For Immediate Release
May 2, 2019
Washington, D.C. – Destinations International and Longwoods International today released the first-ever “American Resident Sentiment Towards Tourism” benchmark study in response to the international concern over the sustainability of growth in tourism destinations. The report examines how Americans assess the tourism industry’s growth—both its benefits to their lives as well as the potential pitfalls. The report can be downloaded here.
“This research is vitally important to our members and the entire U.S. tourism industry,” said Don Welsh, President and CEO of Destinations International. “With concerns about the proper management of tourism being expressed both abroad and in U.S. destinations, we need to know the facts about how Americans view our industry and how we can assure their support.”
Longwoods International conducted a national online survey with a representative sample of 1,500 adults drawn from a consumer research panel. The study found broad support of the tourism industry, its growth, marketing, and impact on the environment. In fact, more than 70 percent of those surveyed said they viewed the industry as positive for their state, and 63 percent viewed tourism as positive for the local community. However, the research also revealed that many Americans feel uninformed about local tourism development plans and projects.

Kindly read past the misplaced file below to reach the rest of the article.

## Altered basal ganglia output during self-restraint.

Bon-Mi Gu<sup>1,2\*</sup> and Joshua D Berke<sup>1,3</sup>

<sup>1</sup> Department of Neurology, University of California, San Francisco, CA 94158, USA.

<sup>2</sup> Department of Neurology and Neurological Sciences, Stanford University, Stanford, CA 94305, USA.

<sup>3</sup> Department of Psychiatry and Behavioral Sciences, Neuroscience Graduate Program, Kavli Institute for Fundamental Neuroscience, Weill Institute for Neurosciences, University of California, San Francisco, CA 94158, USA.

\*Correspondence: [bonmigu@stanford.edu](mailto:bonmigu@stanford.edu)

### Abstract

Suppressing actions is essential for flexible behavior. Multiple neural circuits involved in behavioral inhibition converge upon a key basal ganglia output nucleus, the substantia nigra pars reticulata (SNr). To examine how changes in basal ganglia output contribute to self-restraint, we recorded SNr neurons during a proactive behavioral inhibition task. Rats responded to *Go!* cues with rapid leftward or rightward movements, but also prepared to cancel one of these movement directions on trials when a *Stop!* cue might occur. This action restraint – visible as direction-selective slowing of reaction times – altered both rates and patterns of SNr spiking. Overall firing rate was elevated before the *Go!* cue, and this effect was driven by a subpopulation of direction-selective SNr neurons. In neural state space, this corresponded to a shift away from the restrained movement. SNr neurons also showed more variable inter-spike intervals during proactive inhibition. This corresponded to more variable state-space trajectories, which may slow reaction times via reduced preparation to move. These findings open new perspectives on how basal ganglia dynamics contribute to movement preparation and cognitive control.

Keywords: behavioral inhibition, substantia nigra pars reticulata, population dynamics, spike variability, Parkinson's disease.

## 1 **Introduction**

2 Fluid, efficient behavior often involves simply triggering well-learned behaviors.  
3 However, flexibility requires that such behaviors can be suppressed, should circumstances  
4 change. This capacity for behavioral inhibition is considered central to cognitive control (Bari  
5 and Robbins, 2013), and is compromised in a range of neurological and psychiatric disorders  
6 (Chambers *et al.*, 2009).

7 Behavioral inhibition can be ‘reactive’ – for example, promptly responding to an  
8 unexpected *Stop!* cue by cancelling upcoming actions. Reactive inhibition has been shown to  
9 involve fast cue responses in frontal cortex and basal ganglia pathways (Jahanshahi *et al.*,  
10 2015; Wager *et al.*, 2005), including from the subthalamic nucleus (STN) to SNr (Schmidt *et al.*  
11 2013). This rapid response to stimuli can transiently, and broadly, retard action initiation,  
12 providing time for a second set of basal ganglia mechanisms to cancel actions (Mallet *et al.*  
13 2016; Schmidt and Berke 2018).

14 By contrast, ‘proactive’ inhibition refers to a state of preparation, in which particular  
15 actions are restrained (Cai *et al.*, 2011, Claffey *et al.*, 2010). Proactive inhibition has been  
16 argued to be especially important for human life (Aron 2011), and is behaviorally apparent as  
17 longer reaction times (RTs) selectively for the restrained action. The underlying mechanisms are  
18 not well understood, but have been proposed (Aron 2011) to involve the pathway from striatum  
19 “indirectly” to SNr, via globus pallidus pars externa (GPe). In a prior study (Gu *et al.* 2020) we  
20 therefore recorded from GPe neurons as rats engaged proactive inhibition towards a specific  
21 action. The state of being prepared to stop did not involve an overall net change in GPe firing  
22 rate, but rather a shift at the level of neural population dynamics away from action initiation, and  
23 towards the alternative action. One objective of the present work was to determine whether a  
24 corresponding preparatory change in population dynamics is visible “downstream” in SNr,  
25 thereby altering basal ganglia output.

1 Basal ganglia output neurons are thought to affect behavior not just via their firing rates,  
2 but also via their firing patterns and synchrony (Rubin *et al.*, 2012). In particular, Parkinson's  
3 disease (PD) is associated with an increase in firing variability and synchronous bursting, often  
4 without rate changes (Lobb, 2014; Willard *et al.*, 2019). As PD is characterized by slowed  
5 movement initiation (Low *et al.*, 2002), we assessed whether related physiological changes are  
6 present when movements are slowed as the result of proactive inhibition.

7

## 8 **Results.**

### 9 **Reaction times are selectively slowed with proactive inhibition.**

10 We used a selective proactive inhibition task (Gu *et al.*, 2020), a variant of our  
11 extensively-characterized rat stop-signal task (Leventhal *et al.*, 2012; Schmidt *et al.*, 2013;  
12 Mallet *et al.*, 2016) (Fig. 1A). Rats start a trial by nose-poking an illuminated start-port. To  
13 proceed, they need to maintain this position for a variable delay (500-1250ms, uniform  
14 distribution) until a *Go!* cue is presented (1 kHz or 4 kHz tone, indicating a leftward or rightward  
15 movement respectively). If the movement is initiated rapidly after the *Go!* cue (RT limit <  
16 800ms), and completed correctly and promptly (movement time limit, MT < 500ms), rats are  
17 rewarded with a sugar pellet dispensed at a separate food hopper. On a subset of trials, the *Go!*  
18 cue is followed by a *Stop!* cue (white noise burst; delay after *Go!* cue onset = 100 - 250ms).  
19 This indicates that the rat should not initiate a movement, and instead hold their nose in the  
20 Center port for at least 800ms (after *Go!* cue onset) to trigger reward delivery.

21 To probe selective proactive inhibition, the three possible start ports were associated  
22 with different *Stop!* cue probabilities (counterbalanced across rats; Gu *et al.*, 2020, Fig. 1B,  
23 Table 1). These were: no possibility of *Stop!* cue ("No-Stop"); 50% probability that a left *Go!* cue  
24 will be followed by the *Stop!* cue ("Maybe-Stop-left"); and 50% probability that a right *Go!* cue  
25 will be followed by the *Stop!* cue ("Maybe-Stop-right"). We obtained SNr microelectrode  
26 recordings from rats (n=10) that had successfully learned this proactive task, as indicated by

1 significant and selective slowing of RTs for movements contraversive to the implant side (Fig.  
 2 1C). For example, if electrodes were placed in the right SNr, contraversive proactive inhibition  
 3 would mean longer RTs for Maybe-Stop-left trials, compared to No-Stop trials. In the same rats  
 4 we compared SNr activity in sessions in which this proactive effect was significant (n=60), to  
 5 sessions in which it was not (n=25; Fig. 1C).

“While the general support for tourism was gratifying for everyone involved in the industry, the study also pointed out some communications and planning failings which could damage the industry’s reputation,” said Amir Eylon, President, CEO and Partner of Longwoods International. “We also learned there is a small but vocal minority of Americans who do not share our positive view of tourism’s benefits to local economies.”
In partnership with Destinations International, Longwoods is providing custom resident sentiment research for the association’s members. These studies will allow cities, regions and states to understand local support for the tourism industry and how that support compares to the national norm. This type of information can be critical when developing a community outreach and advocacy effort. Learn more here.